This column provides advice for DMs whose campaigns are in trouble. Do your players constantly bicker or complain about issues both inside and outside of the main campaign action? Do your best ideas fall flat? Have you set up a situation that you now wish you hadn't? Worry no more, because Jason Nelson-Brown has the answers to save your game!
Getting Shorted on Base Attack Bonuses?
What's a DM to do when players with multi-class characters complain about getting ripped off over their base attack bonuses? This installment of Save My Game examines some of the plusses and minuses of multi-classing.
Problem: Why Do Multi-Class Characters Lose Out on BABs?
Say you have 1 level in a class with +0 BAB (base attack bonus) @ first level, say wizard. Next level you cross class into a different class with 0 BAB @ first level, say rogue. So you have a Wiz-1/Rog-1 with BAB: +0. That's a 2 HD PC. Now if you would have taken that 2 HD as either Wiz-2 OR Rog-2, the PC would have BAB: +1. Maybe you could defend above statement with the fact that it takes time to switch professions and skills, I just don't like that response.
-- Deluxe 247 G, Wizards message boards
You have a point there, because it does seem odd that your BAB (base attack bonus) progression should work that way. Before you go too much further, though, you need to think all the way around the problem of 'first levels' for classes, because the issue you raise goes beyond BAB. It also has to do with what benefits a first level should give you when it is your starting character level vs. when you pick up a new class in mid-career.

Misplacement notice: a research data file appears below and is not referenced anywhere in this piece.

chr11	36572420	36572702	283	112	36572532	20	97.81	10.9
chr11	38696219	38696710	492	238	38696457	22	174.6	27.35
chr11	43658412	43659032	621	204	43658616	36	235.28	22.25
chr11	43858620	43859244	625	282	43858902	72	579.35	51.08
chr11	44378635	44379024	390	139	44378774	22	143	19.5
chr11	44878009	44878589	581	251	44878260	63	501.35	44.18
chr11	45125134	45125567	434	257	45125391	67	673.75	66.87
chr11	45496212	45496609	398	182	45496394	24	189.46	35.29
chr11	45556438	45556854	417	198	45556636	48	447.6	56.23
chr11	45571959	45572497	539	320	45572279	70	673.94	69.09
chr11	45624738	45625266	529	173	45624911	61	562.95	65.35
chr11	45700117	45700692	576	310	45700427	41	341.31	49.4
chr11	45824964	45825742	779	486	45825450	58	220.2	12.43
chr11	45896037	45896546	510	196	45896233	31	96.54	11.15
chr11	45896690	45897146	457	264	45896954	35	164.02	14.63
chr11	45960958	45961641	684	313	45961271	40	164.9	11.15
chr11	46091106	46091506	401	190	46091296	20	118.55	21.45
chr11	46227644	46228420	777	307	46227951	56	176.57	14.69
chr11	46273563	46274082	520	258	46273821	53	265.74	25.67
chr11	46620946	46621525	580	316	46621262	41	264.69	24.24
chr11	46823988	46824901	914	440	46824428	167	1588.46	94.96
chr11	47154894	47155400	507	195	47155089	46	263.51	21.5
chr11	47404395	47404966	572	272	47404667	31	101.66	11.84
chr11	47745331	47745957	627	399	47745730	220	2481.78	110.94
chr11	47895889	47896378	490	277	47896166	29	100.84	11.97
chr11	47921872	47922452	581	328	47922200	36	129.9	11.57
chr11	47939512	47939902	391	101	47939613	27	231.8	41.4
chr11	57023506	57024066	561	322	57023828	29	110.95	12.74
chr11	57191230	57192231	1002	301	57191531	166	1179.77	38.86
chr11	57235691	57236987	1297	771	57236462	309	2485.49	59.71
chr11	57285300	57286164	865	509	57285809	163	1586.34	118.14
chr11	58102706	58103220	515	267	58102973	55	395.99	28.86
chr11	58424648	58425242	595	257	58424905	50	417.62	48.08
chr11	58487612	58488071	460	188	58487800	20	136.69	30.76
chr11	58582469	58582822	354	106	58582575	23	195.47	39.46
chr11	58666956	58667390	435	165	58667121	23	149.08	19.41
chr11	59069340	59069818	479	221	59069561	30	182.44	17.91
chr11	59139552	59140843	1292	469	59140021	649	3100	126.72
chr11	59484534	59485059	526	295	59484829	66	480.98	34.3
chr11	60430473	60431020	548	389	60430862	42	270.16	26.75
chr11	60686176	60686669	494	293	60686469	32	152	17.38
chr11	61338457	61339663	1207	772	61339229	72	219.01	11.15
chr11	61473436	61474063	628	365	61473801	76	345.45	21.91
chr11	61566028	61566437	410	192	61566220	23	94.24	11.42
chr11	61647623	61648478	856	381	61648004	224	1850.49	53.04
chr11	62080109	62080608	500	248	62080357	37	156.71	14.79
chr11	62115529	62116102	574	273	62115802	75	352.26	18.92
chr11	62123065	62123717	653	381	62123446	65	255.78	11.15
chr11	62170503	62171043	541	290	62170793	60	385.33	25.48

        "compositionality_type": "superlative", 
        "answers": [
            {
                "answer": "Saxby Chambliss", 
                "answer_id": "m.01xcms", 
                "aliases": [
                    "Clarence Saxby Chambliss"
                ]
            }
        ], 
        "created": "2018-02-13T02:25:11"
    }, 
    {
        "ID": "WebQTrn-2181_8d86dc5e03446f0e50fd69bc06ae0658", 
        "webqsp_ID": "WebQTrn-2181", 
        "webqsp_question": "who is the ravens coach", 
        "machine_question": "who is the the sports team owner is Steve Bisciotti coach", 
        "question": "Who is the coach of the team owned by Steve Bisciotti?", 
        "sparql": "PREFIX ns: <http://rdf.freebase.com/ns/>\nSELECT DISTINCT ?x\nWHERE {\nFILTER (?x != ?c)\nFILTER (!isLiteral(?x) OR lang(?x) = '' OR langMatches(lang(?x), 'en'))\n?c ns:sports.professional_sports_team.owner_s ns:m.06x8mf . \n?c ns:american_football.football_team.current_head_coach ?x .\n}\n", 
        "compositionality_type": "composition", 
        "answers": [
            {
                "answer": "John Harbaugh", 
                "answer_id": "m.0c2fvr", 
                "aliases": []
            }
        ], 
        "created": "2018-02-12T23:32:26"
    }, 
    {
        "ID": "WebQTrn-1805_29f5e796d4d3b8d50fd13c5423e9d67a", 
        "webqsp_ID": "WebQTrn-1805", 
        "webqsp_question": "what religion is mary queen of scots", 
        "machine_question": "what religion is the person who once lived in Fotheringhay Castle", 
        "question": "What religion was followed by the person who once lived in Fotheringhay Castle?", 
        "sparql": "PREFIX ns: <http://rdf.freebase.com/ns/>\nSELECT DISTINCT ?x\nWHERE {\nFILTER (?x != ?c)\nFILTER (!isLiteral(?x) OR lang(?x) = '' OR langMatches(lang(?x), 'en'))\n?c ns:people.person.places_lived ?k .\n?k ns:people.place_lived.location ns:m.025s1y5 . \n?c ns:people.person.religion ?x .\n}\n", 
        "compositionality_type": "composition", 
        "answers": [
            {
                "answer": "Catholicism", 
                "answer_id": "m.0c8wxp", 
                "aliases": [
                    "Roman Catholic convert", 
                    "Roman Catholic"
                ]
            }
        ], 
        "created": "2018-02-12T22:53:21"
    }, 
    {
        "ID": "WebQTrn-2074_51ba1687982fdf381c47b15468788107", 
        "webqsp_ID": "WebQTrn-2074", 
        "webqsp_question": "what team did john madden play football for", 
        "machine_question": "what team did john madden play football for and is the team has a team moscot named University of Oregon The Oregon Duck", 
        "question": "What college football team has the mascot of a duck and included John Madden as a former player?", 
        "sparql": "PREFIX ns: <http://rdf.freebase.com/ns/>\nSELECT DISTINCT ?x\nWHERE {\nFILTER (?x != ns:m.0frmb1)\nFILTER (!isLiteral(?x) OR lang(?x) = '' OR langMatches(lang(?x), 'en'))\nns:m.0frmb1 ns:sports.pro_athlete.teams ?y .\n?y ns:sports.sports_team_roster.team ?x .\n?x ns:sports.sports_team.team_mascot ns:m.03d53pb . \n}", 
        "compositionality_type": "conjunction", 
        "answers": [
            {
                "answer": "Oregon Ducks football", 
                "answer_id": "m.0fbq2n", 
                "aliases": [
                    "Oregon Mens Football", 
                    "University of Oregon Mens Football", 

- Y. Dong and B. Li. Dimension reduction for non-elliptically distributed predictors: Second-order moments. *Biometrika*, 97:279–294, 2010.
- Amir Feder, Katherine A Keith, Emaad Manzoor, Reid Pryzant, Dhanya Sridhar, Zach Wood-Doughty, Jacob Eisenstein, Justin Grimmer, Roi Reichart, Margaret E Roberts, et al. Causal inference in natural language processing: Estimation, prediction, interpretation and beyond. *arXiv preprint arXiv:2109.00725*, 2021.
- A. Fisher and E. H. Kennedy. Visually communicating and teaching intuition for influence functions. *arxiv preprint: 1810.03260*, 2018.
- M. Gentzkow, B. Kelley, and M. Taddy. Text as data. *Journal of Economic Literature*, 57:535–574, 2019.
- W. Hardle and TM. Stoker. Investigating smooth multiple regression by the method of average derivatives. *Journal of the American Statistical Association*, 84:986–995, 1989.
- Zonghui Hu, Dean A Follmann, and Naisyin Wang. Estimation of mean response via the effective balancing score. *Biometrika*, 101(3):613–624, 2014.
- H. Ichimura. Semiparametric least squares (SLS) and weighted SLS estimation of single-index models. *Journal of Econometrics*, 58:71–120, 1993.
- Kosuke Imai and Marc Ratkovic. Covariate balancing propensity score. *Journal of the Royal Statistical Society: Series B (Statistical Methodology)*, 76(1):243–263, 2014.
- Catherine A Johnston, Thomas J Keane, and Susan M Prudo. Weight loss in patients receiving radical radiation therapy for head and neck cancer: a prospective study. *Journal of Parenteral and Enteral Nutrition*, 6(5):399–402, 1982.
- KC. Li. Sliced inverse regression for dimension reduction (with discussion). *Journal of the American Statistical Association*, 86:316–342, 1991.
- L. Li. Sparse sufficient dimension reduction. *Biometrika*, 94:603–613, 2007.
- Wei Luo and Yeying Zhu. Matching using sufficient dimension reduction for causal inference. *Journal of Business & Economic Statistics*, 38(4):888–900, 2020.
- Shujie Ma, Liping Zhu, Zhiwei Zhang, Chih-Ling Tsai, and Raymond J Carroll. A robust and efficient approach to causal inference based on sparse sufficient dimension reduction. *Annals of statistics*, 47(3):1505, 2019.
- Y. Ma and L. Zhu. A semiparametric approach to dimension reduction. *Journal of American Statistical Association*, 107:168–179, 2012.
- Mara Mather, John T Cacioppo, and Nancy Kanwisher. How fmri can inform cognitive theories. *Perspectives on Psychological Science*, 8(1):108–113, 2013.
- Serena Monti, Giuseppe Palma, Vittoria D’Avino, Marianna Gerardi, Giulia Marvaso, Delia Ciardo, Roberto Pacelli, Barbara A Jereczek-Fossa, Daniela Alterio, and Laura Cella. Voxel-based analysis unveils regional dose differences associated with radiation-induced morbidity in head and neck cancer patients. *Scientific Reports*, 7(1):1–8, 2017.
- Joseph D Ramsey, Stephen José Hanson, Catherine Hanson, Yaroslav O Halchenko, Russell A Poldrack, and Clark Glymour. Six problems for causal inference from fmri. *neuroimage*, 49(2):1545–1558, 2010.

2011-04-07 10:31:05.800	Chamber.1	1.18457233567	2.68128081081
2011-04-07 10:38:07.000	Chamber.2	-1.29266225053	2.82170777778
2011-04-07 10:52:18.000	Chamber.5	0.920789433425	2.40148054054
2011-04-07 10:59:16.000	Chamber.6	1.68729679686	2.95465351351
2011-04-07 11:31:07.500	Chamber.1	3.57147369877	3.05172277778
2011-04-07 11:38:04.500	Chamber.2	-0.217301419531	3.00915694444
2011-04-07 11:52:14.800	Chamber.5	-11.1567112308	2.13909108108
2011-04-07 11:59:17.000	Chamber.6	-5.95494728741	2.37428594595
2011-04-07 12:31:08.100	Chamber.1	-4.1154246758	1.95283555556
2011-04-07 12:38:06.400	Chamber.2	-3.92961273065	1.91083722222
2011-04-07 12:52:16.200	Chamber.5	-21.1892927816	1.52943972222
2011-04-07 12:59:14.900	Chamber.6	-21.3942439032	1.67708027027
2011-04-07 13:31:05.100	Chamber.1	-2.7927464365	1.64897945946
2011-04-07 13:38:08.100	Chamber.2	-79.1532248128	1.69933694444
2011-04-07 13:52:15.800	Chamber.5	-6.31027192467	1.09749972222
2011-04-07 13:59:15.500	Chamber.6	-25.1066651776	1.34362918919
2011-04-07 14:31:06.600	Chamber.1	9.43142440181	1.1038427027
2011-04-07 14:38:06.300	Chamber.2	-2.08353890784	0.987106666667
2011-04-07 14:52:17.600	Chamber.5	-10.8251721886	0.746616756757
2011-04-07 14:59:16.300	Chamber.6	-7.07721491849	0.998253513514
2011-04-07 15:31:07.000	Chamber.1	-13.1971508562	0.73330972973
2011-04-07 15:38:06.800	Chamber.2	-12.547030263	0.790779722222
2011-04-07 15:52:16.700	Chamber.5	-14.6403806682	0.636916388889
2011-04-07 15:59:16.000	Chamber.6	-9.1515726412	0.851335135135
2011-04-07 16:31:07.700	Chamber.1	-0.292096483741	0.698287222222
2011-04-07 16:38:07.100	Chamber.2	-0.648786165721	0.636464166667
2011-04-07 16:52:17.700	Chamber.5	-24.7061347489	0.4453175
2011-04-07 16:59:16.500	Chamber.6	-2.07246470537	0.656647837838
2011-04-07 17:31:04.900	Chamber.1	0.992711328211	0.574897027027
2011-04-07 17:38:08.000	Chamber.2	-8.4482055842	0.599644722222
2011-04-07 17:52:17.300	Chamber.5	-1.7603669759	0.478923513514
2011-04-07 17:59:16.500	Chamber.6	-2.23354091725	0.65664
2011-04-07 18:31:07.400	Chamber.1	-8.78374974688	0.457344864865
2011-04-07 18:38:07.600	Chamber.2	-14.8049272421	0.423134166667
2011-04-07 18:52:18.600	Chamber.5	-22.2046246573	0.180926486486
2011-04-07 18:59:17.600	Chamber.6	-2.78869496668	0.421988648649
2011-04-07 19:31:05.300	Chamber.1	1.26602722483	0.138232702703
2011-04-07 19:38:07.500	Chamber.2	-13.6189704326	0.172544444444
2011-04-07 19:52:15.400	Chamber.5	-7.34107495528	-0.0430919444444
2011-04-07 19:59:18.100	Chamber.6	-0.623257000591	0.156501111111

Some parts of the rules address this distinction. You get maximum hit points only for your class hit die at your first level ever, not each time you take a 'first level' in a class. You get quadruple skill points only for your class at your first level. You get starting money (and bonus equipment if you use character regions) only at your first level.
What about saving throws? Your 'good' saves go up +1 per two levels, your bad saves +1 per three, so we should be able to accumulate our fractional save bonuses across classes using the same logic, right? If you're a 2nd level ranger, your Will save bonus is 2 x 1/3 (rounded down to zero), so when you take two levels of rogue you should add 2 x 1/3 for that. Instead of having both round down to zero, you could add them and end up with 4/3, rounding down to +1.
Either approach would also make prestige classes less annoying to take. You often end up at +1/+4 in your save bonuses at 5th level. What happens if you go into a prestige class instead of taking a 6th level in your starting class? Instead of advancing to +2/+5, you have to start all over with a new save progression. Shouldn't your prestige class fractions add with your base class fractions? You take the same hit in partial-BAB prestige classes -- a 5th level wizard has a 5 x 1/2 BAB, so when she takes her first level in a new 1/2 BAB class, shouldn't her BAB go to +3, rather than getting +0 and having to wait another level to improve?